Study finds that morning people are less likely to get breast cancer


More good news for those smug early risers who can get up at the crack of dawn to do yoga before work: You're less likely to develop breast cancer than night owls. The study also found that women who sleep more than seven to eight hours have a 20% increased risk for each additional hour after that that they slept.

"Our findings are based on questions related to morning or evening preference rather than actually whether people get up earlier or later in the day", said Rebecca Richmond, of the University of Bristol.

'In other words, it may not be the case that changing your habits changes your risk of breast cancer; it may be more complex than that.

"However, the findings of a protective effect of morning preference on breast cancer risk in our study are consistent with previous research...", Richmond noted.

Dr. Sowmiya Moorthie, senior policy analyst in epidemiology at PHG Foundation, who was not involved in the research, added that the study's major strength is the use of "multiple approaches to examine the links between sleep traits and breast cancer, which allows the researchers to demonstrate consistency in their findings". Still more studies must be done to understand the connection between waking up earlier or later in the day and breast cancer diagnosis.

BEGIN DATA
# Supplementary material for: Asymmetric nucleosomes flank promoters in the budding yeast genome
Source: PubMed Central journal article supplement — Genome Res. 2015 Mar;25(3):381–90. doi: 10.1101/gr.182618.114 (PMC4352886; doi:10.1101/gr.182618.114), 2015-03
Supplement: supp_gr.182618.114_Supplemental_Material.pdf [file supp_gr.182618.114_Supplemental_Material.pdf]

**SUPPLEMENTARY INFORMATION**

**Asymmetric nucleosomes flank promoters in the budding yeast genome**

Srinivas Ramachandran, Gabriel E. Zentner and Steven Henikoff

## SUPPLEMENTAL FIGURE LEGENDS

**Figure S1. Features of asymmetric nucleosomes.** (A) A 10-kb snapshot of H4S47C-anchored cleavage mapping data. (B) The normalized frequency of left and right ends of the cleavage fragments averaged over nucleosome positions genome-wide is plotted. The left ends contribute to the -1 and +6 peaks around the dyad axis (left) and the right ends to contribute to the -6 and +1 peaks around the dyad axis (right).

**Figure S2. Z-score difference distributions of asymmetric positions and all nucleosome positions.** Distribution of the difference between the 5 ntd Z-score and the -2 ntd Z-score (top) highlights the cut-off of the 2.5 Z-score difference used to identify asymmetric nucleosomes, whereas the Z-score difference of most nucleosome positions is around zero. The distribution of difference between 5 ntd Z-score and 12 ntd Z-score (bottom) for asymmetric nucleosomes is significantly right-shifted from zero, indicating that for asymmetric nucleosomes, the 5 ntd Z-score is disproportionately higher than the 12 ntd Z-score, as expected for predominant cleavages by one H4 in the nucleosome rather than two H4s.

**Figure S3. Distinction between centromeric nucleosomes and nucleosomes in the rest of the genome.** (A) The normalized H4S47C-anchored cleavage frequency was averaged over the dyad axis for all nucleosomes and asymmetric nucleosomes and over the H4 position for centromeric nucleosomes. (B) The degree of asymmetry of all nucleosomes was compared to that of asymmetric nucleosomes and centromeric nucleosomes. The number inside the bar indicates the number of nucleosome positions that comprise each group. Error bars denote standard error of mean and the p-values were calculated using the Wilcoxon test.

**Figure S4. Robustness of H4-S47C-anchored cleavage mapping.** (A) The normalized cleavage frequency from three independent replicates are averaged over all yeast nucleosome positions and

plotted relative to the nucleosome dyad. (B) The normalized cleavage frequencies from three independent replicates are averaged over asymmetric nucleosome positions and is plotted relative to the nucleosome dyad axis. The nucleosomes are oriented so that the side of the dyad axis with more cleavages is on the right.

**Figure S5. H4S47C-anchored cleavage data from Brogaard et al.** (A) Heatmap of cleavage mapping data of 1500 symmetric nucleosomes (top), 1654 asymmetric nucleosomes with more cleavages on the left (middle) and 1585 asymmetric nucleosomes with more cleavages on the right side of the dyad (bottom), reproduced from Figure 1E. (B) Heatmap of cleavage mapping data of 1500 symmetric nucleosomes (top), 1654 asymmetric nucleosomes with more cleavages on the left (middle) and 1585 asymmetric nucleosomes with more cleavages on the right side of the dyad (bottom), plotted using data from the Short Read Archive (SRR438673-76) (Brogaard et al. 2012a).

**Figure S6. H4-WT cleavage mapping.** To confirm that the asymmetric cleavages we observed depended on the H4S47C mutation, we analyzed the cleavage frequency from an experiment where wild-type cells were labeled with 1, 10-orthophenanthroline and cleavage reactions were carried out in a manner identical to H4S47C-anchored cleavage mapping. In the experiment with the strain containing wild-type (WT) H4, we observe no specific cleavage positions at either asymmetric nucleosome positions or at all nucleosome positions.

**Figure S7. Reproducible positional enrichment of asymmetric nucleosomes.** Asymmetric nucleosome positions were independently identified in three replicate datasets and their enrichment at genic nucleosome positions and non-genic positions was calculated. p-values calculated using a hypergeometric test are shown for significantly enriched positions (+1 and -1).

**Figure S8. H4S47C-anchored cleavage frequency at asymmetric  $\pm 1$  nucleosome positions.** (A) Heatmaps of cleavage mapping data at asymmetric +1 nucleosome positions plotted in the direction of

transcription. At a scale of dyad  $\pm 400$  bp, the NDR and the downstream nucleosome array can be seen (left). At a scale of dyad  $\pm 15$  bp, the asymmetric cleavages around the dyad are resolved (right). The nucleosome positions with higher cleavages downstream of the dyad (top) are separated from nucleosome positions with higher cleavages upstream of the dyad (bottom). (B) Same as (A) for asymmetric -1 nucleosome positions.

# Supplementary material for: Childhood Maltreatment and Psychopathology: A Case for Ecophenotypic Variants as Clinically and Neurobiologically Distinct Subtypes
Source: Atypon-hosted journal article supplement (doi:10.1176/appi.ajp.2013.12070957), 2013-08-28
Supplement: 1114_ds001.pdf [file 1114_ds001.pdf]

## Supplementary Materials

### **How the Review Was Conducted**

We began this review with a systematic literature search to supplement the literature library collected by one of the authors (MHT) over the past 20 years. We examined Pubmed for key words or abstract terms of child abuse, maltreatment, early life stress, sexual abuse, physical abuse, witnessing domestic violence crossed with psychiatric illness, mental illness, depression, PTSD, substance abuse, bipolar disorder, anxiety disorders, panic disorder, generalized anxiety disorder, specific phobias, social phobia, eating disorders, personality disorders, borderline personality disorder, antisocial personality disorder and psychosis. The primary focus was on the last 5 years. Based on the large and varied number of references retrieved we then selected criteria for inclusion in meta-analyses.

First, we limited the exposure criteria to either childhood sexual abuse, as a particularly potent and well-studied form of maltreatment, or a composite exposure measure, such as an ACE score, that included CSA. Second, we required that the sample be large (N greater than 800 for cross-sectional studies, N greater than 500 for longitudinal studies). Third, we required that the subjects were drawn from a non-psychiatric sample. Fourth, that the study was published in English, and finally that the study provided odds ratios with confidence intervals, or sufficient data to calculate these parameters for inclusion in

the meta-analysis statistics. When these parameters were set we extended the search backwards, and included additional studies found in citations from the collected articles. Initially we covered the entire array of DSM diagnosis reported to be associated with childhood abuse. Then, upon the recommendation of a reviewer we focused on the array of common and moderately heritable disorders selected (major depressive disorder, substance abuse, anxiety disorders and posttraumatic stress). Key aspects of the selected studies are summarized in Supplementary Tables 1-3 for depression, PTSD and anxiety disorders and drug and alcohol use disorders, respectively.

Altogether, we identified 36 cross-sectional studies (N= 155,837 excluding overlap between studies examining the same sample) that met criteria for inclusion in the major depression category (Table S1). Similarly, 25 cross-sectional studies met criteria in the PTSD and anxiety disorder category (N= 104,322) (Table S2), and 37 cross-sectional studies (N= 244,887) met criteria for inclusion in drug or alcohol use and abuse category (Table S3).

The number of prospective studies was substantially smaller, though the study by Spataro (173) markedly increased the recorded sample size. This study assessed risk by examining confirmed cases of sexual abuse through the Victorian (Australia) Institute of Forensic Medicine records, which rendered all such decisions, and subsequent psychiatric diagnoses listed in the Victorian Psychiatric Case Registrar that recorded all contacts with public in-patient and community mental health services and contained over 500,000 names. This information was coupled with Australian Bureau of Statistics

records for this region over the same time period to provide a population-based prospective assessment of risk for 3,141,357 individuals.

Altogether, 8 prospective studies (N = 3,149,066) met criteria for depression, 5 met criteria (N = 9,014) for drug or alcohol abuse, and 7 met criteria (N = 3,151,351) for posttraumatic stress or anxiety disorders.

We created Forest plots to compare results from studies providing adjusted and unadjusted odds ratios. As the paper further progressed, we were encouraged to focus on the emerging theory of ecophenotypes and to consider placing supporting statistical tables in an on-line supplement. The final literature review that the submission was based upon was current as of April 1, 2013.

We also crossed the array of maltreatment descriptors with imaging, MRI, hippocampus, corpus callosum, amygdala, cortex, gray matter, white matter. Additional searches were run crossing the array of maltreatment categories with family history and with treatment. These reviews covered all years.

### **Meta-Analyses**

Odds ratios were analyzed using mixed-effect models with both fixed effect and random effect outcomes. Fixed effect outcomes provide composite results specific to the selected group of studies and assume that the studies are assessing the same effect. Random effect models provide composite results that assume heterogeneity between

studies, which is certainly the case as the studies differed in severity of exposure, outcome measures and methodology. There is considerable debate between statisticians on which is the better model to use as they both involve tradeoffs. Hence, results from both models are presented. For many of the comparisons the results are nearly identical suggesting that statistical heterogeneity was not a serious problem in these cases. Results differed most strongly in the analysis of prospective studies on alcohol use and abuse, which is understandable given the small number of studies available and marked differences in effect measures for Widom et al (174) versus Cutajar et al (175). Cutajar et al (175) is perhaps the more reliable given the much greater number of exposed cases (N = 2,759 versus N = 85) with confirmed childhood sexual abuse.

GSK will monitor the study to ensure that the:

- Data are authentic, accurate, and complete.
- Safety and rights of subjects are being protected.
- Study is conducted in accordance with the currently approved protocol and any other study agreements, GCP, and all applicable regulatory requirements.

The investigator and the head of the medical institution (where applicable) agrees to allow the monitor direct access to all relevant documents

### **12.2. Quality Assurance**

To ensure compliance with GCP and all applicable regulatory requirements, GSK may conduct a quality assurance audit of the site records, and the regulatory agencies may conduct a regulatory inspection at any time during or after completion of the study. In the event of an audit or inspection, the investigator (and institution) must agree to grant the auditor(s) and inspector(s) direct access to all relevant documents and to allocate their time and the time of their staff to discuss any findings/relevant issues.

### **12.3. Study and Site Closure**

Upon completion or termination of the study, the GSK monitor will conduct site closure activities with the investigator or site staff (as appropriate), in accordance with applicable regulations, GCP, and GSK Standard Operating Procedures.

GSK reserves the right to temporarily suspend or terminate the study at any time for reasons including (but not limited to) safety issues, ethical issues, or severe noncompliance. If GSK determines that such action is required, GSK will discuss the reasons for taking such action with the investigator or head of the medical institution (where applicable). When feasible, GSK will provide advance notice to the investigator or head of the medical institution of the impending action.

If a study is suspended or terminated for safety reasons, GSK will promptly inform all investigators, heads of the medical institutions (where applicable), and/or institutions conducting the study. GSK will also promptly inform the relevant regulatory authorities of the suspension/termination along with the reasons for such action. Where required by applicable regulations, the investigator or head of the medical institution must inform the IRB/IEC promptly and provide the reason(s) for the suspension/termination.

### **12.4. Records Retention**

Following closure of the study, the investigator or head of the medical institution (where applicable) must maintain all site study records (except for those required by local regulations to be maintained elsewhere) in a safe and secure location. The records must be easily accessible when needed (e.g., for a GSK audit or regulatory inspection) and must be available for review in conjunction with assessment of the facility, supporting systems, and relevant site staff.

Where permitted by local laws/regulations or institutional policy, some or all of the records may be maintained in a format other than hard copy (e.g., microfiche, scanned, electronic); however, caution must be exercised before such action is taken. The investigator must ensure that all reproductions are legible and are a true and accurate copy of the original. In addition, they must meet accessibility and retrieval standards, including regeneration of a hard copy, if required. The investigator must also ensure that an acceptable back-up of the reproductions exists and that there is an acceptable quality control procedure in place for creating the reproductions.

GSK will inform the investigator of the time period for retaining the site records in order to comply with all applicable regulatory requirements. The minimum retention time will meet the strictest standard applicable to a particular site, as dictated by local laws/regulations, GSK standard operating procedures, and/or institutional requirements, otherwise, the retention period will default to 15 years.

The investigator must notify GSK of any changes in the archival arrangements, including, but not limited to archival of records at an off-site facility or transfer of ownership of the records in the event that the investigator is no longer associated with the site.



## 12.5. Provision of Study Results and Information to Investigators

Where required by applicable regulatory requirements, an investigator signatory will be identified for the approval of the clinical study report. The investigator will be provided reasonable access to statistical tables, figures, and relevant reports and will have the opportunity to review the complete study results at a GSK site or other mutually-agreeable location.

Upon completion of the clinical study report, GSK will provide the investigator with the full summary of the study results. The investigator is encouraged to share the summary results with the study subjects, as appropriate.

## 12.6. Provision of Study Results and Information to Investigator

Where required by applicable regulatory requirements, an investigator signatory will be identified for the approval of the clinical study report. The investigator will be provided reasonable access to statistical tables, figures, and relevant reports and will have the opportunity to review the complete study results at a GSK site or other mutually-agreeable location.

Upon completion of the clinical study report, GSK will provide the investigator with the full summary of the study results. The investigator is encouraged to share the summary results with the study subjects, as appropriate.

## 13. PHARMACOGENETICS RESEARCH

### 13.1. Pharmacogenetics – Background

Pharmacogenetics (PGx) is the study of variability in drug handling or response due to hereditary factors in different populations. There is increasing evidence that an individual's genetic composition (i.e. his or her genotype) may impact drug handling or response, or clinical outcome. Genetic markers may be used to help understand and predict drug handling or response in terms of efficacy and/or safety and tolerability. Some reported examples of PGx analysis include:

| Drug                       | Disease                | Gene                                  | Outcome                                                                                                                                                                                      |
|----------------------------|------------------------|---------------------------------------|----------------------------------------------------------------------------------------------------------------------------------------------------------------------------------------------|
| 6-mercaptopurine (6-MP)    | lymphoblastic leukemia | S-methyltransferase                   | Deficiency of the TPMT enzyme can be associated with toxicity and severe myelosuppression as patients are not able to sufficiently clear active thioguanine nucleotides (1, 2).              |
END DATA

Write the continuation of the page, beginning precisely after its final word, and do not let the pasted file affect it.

Researchers also looked at results from nearly 229,000 women signed up to an global genetic study carried out by the Breast Cancer Association Consortium. They used a clever new way of analysing data - called Mendelian randomisation. The Breast Cancer Walk, which centered at the Manhattanville College Campus and directed its way up to SUNY Purchase, totaled five kilometers.

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Dr Emma Pennery, of the Breast Cancer Care charity, said: 'Changing your sleeping habits is not as easily done as other proven risk-reducing choices, as they're often part and parcel with jobs, parenting or other health conditions'.

The Medifem Multi-Specialist Hospital & Fertility Centre has rounded up a series of activities put together to mark Breast Cancer Awareness campaign in October.

"The authors do not show any biological mechanism by which sleep timing preference could influence breast cancer risk".

"We know already that night shift work is associated with worse mental and physical health".

The data showed that women who were morning types, also known as "larks, ' had a reduced risk of breast cancer compared with those who were evening types, or 'owls".

However, cancer experts say modifying your sleep patterns probably won't have a significant impact on your cancer risk.